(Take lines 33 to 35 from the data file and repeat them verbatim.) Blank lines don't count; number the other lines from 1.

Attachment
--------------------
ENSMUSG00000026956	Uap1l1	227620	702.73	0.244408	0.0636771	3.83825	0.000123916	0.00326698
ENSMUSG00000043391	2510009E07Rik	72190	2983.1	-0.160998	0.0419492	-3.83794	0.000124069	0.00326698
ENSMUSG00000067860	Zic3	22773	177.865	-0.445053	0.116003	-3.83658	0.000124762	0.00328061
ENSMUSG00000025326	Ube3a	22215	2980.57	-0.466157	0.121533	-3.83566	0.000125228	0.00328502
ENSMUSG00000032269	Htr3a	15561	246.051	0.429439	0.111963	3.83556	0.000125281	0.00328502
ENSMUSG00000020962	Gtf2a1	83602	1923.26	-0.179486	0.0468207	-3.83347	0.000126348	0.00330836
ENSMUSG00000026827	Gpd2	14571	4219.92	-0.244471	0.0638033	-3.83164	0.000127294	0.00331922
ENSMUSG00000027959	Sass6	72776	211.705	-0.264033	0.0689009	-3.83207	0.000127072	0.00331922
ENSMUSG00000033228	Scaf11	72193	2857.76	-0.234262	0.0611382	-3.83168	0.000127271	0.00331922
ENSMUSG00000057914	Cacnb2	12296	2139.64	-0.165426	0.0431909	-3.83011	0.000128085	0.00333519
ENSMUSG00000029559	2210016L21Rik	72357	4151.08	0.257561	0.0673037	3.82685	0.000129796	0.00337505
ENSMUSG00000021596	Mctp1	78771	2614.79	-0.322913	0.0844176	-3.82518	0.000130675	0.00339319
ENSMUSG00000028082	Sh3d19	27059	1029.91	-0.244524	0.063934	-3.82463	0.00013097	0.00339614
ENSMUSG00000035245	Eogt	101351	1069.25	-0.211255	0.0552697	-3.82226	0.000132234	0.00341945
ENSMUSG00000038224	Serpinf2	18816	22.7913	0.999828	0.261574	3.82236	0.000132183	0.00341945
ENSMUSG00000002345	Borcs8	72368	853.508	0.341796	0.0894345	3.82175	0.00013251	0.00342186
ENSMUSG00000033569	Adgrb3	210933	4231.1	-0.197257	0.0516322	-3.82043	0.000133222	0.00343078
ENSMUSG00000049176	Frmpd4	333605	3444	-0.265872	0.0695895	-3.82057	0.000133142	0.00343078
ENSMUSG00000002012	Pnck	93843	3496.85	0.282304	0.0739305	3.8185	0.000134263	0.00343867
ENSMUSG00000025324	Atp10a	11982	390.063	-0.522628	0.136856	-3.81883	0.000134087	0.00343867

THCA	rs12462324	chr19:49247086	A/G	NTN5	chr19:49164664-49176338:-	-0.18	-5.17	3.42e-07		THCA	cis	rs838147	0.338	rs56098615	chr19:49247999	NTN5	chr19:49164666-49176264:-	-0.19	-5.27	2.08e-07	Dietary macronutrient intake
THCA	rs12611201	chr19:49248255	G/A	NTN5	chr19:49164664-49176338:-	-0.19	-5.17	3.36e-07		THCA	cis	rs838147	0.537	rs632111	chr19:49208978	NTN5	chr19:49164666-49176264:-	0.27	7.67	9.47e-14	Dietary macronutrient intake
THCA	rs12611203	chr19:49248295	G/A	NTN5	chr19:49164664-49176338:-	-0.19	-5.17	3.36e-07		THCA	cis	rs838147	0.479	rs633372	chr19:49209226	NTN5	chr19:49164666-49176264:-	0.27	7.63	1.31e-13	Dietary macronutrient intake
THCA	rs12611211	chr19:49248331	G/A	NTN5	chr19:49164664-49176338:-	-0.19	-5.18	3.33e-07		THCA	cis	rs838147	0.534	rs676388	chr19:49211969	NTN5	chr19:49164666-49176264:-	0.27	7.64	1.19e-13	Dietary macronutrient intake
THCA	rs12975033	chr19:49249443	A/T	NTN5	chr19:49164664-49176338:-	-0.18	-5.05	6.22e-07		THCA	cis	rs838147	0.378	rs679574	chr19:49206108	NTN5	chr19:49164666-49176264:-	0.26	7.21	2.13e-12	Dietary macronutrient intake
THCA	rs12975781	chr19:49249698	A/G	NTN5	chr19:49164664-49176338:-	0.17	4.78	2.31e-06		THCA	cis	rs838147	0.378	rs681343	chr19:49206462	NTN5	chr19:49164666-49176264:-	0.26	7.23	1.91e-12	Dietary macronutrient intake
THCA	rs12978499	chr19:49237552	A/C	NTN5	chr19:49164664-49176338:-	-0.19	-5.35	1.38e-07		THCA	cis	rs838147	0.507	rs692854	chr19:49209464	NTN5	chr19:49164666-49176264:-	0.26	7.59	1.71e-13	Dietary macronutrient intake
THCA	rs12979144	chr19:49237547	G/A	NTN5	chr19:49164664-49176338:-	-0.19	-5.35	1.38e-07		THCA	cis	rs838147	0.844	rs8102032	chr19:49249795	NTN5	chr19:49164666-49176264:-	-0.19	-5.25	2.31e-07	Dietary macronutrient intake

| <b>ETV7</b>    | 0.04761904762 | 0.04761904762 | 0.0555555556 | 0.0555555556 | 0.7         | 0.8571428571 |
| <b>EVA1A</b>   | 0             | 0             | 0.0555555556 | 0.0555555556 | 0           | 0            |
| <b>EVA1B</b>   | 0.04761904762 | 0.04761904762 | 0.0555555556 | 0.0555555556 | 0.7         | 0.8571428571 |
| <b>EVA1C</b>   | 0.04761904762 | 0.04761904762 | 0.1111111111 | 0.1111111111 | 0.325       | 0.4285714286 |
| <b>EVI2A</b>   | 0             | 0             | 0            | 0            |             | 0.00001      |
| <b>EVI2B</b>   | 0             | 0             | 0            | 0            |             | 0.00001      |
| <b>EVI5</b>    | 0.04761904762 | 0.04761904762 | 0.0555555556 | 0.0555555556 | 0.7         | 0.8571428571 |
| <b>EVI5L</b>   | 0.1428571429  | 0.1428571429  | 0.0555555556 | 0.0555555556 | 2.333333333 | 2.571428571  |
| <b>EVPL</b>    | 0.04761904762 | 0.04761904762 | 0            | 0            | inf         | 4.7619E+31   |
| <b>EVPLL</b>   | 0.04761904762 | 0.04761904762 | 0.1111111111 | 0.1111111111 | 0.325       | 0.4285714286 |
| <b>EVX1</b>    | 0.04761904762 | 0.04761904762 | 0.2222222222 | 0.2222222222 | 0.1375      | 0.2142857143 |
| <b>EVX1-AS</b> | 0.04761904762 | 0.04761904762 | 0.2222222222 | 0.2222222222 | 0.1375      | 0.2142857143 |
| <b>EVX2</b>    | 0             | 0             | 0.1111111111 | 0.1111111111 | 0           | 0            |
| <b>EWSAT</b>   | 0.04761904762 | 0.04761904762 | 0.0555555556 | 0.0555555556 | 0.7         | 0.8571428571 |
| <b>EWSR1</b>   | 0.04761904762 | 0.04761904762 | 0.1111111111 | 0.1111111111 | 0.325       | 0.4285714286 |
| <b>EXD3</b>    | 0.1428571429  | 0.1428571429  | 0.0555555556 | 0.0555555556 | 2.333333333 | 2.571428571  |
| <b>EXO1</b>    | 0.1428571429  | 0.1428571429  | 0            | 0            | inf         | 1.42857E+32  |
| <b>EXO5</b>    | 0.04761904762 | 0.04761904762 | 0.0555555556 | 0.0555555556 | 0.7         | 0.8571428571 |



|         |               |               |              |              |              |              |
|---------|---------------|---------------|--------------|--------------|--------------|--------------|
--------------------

| <b>EVI2A</b>   | 0             | 0             | 0            | 0            |             | 0.00001      |
| <b>EVI2B</b>   | 0             | 0             | 0            | 0            |             | 0.00001      |
| <b>EVI5</b>    | 0.04761904762 | 0.04761904762 | 0.0555555556 | 0.0555555556 | 0.7         | 0.8571428571 |